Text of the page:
St. Paul the Apostle was the greatest of the early Christian missionaries. He first appears in the Acts of the Apostles under the name of Saul. Saul was raised in the Jewish faith as a Pharisee trained in the strict observance of God’s Law. He believed the Law should be obeyed by himself and all Jews. Saul was upset by the early Christian Church, believing that the early Christians had broken away from their Jewish traditions. He actively persecuted the Church in Jerusalem. As the first Christian martyr Stephen was being stoned to death, Saul watched the cloaks of the persecutors (Acts 7:58).
Paul then traveled to Damascus to further persecute early Christians. On the road to Damascus Saul had an encounter with the Risen Jesus Christ (Acts of the Apostles 9:1–19, Galatians 1: 13–14). Jesus asked, “Saul, Saul, why are you persecuting me?” Paul replied, “Who are you, sir?” Jesus responded, “I am Jesus whom you are persecuting” (Acts 9: 4 – 5). Jesus then sent Saul into Damascus to wait for further instructions. Saul was shaken and blinded by the experience. When a Christian named Ananias came and baptized Saul, his blindness went away. As a result of this encounter Saul became a follower of Christ. He was now convinced that fellowship with the risen Jesus Christ, not the observance of the Law, was all that was needed to receive God’s promise of salvation. (Galatians 1:11–12; 3:1–5)
Saul, whose name now became Paul, went to Jerusalem to consult with Peter (Galatians 1: 18). After his first missionary journeys, Paul was called by Jesus to proclaim the Gospel to the Gentiles. He spent the rest of his life journeying on his missions, establishing local churches, and writing to them when he heard of their accomplishments and failures. Paul’s letters are the earliest records of the life and history of the early Church. As inspired by the Holy Spirit Paul’s letters are part of the Canon of the New Testament. As a record of the happenings in the early Church they are in invaluable record of the expansion of the Christianity.
St. Paul’s Writings
All together, there are 13 epistles that bear Paul’s name as the author. However, scholars do not believe that he wrote them all. Paul himself was the author of first and second Thessalonians, Galatians, Philippians, first and second Corinthians, Romans, and Philemon. The epistles to the Ephesians, Colossians, Titus, and first and second Timothy bear Paul’s name, but it is believed that they were written after his death. The writers of these letters were disciples of Paul who wanted to continue his teaching. Whoever the authors of these epistles were, these writings have been accepted into the New Testament as inspired by the Holy Spirit.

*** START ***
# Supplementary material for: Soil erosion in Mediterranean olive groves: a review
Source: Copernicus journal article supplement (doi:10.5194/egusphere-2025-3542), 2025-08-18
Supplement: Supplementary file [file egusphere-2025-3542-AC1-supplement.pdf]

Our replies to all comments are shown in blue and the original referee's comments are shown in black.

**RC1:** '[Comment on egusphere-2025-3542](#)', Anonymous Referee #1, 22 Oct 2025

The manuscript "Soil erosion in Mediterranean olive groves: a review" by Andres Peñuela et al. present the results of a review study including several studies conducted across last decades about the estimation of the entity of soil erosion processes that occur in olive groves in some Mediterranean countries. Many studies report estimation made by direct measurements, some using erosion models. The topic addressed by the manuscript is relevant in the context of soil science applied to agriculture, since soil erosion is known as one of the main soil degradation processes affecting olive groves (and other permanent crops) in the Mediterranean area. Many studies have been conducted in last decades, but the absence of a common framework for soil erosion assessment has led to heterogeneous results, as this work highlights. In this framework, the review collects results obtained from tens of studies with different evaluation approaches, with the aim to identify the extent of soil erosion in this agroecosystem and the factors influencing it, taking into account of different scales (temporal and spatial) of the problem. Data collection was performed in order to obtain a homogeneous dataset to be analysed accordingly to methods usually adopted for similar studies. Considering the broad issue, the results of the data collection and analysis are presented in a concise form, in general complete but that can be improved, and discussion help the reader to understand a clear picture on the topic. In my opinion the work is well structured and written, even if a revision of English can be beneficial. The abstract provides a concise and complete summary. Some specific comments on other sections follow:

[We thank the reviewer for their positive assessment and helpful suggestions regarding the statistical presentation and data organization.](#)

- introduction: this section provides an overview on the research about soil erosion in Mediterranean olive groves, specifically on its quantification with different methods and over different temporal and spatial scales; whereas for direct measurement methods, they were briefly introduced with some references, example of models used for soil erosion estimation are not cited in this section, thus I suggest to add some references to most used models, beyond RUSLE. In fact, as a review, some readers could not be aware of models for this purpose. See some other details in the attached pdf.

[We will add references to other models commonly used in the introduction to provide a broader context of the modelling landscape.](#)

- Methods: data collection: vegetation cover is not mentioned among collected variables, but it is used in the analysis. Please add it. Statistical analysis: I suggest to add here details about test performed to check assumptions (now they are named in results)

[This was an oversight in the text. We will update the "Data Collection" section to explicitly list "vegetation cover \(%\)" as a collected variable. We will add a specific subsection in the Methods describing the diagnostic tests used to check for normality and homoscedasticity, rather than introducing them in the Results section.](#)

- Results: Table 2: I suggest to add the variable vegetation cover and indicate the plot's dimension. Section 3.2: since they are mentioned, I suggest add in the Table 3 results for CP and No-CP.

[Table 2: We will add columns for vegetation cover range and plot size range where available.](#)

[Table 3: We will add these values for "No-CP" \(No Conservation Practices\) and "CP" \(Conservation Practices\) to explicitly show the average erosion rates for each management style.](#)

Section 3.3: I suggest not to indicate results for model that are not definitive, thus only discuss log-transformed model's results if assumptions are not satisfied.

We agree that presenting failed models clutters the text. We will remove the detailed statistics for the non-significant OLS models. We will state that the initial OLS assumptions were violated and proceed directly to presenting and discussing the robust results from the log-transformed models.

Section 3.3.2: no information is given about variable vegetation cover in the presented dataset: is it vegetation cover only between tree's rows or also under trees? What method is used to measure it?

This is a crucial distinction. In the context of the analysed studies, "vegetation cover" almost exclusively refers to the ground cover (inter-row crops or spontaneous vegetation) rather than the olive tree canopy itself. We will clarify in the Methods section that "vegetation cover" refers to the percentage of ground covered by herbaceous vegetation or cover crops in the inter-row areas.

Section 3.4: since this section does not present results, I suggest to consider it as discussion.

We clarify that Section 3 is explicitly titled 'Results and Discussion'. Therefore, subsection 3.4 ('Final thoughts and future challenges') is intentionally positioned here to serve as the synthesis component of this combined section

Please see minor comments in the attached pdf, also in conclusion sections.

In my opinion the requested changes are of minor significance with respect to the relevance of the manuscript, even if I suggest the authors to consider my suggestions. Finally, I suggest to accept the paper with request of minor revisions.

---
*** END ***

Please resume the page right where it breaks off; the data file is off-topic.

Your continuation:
Centrality of Jesus Christ
The most profound and moving day in Paul’s life was when he met the risen Jesus Christ. Paul was well respected by the Jewish community and his peers. But he gave it all up for Christ. “More than that, I even consider everything as a loss because of the supreme good of knowing Jesus Christ my Lord.” (Philippians 3:8) Jesus Christ, Paul realized, was sent by the Father to bring salvation for all. Paul taught that we are united with Christ in faith and Baptism; “We were indeed buried with him through baptism into death, so that, just as Christ was raised from the dead by the glory of the Father, we too might live in newness of life.” (Romans 6:4)
On the personal level, individual Christians recognize that when they are united with and justified by Christ, they receive the grace needed to overcome sin and to live moral lives. (Galatians 5:16–26)
Paul teaches that the justice of God was saving justice at its best. God is faithful, fulfilling the promises made in the Old Testament covenant. Through the sin of Adam and Eve the human family was alienated from God. Through Christ the human family is called back into relationship with God. This process of reuniting the human family with God is called justification. (Romans 3:21–31) It is impossible for us to justify ourselves; we are only justified by being united in faith with Jesus Christ and by accepting the gift of grace won by Christ. (Romans 5:1–2) We can only be made right with God and set free from a life of immoral living by accepting the gift of God’s reconciling grace.
Life in the Spirit
Paul teaches that the love of God is being poured into our hearts through the Holy Spirit. (Romans 5:5) The Holy Spirit is the source of all love. The Holy Spirit creates a bond between us and God like children bound to a father. (Romans 8:14–16) The Holy Spirit not only establishes our relationship with the Father. Even though we are weak, the Holy Spirit helps us to live faithfully within that relationship. (Romans 8:26–27) It is through the Holy Spirit that we can live in love with all people. (1 Corinthians 13:3–7)
The Moral Life
What does it mean to live a Christian moral life? Paul thought deeply about this question. He was raised as a faithful Jew. As we have seen Paul, was raised to believe that following the strict moral code of the Jewish faith was the way to salvation. Paul believed “… the law is holy, and the commandment is holy and righteous and good.” (Romans 7:12.) What Paul realized, however, that because we are weakened by the sin of Adam and Eve, it was impossible to us to reconnect in our relationship with God through our efforts alone (Romans 7:14).
After his experience with Jesus Christ, Paul realized that he was not alone on the road to salvation. Jesus Christ has already accomplished salvation for us. In faith and Baptism, Christians receive the grace of the Holy Spirit, who is our constant guide. The Holy Spirit helps us to live in relationship with God and others.
Michael Lancz von Kitzingen [Public domain], via Wikimedia Commons